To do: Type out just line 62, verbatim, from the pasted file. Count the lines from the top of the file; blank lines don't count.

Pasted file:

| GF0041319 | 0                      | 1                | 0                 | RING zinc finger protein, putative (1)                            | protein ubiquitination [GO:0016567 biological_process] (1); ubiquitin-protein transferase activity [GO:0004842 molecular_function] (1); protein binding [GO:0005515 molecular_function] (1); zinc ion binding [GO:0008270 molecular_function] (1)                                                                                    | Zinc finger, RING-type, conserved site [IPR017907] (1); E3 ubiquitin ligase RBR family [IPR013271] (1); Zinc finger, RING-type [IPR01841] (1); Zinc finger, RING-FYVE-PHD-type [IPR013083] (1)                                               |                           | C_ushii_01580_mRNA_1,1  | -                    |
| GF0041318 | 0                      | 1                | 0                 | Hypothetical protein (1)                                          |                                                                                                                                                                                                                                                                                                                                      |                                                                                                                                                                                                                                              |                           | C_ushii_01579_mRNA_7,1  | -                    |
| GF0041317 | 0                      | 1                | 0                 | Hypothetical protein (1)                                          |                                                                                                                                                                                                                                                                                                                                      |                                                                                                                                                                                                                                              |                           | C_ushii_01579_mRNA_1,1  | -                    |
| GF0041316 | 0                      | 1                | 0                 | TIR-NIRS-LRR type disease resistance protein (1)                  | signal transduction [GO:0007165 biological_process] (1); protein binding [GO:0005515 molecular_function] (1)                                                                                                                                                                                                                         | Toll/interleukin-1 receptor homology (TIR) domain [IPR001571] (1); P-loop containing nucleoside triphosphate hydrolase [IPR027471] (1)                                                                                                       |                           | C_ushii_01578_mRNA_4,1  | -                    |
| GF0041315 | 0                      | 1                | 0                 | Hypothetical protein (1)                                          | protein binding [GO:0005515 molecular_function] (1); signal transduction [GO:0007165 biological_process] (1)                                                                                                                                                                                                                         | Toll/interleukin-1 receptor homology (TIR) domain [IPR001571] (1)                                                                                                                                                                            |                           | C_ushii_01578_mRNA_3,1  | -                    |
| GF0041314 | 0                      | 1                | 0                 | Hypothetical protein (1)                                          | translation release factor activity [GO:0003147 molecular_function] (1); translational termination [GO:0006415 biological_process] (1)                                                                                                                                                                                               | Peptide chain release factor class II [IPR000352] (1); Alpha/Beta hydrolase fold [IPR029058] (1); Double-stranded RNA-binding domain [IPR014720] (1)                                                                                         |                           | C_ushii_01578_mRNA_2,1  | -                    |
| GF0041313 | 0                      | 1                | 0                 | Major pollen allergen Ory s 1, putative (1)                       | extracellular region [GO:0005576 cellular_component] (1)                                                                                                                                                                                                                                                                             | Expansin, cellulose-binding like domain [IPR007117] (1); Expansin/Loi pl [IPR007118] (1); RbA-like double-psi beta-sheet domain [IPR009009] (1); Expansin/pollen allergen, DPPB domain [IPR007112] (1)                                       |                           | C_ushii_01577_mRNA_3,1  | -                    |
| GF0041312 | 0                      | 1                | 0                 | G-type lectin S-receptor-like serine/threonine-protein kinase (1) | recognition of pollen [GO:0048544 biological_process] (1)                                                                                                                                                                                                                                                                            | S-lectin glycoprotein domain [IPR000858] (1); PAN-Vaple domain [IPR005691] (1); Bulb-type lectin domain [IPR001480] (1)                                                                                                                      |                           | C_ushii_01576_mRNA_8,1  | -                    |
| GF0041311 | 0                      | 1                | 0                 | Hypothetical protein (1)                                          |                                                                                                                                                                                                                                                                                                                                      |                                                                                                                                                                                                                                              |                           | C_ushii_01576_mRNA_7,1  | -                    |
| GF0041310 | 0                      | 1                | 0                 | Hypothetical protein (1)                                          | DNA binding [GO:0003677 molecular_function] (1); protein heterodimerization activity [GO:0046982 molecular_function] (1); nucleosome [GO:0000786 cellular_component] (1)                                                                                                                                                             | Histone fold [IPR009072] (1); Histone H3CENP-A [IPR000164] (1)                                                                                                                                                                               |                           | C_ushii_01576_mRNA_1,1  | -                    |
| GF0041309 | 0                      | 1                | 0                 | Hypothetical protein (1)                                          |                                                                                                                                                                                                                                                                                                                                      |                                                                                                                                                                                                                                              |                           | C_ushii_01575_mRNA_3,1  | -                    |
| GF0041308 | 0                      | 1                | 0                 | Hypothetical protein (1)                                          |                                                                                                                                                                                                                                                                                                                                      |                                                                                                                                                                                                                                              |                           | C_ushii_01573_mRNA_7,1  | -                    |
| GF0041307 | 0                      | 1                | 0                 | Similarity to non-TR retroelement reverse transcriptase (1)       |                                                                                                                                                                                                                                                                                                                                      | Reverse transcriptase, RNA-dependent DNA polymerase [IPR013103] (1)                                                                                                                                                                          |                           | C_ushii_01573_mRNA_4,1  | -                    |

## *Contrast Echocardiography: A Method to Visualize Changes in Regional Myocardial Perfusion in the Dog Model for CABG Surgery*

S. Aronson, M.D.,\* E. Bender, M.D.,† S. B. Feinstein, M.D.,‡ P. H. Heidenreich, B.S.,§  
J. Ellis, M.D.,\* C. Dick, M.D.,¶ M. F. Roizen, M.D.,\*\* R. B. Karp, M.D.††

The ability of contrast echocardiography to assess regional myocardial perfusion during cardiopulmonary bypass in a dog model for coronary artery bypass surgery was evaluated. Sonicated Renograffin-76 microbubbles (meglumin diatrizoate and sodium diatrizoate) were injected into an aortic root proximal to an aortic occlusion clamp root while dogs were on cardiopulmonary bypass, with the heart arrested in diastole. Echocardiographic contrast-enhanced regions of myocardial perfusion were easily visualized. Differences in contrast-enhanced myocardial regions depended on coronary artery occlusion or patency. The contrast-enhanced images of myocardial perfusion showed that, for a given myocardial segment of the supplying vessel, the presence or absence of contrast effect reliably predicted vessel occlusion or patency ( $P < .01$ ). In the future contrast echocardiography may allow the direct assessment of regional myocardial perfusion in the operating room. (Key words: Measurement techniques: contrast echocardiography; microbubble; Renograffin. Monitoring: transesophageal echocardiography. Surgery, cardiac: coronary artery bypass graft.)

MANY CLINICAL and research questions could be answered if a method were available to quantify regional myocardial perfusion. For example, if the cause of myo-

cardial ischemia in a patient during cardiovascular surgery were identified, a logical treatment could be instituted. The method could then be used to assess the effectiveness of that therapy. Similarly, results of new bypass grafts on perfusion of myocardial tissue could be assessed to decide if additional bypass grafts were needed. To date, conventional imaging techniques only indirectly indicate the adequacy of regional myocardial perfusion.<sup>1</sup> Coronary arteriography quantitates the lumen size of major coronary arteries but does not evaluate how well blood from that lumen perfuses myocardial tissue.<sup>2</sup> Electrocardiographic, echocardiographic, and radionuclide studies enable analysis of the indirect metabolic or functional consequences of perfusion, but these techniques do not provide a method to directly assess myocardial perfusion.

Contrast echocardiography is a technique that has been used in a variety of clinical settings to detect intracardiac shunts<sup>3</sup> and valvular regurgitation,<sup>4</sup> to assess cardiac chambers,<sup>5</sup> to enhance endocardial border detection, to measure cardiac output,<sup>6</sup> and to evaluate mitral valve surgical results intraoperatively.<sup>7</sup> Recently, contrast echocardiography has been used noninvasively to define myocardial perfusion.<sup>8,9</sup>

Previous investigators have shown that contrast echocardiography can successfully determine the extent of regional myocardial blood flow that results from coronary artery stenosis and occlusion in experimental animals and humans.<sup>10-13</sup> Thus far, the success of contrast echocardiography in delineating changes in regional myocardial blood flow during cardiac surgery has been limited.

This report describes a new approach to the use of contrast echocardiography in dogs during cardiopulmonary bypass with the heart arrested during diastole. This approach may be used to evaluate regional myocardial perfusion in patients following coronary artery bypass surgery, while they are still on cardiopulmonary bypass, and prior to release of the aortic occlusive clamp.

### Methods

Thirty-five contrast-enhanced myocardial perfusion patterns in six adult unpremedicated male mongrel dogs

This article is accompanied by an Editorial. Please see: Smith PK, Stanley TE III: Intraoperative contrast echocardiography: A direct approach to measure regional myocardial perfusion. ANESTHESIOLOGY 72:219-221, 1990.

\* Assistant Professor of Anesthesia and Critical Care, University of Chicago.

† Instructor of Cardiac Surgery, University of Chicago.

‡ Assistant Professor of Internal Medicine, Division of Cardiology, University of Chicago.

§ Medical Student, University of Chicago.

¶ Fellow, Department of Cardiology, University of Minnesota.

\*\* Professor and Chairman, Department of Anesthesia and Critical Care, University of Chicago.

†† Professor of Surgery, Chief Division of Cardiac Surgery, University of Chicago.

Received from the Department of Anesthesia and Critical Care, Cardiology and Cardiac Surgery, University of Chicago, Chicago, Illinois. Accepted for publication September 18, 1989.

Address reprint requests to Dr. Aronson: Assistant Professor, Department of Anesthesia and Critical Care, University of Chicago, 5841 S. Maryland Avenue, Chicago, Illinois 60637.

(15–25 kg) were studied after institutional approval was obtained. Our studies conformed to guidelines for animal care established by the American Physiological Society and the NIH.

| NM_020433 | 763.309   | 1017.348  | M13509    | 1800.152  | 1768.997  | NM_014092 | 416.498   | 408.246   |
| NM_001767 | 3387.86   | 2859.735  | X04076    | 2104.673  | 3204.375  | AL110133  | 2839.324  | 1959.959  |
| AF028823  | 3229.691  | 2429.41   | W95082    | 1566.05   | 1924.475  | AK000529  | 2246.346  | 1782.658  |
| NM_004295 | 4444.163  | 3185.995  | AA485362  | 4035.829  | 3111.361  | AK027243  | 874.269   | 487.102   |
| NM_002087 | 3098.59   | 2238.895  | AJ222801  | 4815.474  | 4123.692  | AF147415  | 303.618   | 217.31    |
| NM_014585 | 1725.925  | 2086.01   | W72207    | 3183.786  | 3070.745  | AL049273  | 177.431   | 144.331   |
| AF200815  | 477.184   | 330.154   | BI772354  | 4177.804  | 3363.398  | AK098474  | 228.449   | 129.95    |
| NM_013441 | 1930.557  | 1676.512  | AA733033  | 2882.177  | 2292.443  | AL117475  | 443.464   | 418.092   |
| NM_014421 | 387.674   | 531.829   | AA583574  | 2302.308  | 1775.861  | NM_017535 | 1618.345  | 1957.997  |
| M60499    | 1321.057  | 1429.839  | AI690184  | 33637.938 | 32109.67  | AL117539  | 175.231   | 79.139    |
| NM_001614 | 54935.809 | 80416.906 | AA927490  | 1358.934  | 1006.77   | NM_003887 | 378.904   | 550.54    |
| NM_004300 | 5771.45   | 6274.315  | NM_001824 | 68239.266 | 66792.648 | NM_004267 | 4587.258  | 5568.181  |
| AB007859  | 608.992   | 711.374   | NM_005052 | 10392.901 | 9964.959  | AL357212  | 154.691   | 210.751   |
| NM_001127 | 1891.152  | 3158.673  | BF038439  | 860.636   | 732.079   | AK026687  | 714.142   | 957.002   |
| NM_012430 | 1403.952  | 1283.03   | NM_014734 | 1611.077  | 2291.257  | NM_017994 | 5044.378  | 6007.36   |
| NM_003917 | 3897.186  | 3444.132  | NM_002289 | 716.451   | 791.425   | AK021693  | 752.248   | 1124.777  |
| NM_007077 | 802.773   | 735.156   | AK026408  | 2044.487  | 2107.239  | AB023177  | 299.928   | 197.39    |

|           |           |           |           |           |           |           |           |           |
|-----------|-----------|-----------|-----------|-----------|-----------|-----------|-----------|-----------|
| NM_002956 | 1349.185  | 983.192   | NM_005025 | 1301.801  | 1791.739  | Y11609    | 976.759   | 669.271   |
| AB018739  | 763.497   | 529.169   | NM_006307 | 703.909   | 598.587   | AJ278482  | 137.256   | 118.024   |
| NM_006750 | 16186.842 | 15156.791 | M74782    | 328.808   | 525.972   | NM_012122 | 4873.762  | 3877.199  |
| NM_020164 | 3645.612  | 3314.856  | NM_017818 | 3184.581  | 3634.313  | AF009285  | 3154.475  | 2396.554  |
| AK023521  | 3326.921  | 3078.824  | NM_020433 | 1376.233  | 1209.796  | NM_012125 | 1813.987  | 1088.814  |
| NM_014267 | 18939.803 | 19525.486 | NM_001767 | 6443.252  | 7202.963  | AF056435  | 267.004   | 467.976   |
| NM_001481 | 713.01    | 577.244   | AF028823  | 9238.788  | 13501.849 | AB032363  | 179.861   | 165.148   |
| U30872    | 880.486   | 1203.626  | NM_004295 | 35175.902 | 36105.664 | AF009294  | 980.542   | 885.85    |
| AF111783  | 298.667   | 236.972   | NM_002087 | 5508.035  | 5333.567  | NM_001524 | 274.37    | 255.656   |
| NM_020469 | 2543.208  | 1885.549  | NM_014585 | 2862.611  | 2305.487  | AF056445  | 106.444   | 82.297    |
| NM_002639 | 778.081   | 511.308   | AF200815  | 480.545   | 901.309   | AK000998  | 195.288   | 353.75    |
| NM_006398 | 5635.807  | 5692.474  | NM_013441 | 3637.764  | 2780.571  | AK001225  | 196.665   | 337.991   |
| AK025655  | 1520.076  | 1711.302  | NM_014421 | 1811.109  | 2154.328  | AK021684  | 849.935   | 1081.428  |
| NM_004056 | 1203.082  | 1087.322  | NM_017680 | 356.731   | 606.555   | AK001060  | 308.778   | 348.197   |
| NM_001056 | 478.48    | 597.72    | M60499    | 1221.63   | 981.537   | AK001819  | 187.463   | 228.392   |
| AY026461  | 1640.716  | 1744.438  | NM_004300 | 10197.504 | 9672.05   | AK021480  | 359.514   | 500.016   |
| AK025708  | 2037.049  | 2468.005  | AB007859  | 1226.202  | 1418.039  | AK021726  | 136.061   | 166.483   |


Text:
| U30872    | 880.486   | 1203.626  | NM_004295 | 35175.902 | 36105.664 | AF009294  | 980.542   | 885.85    |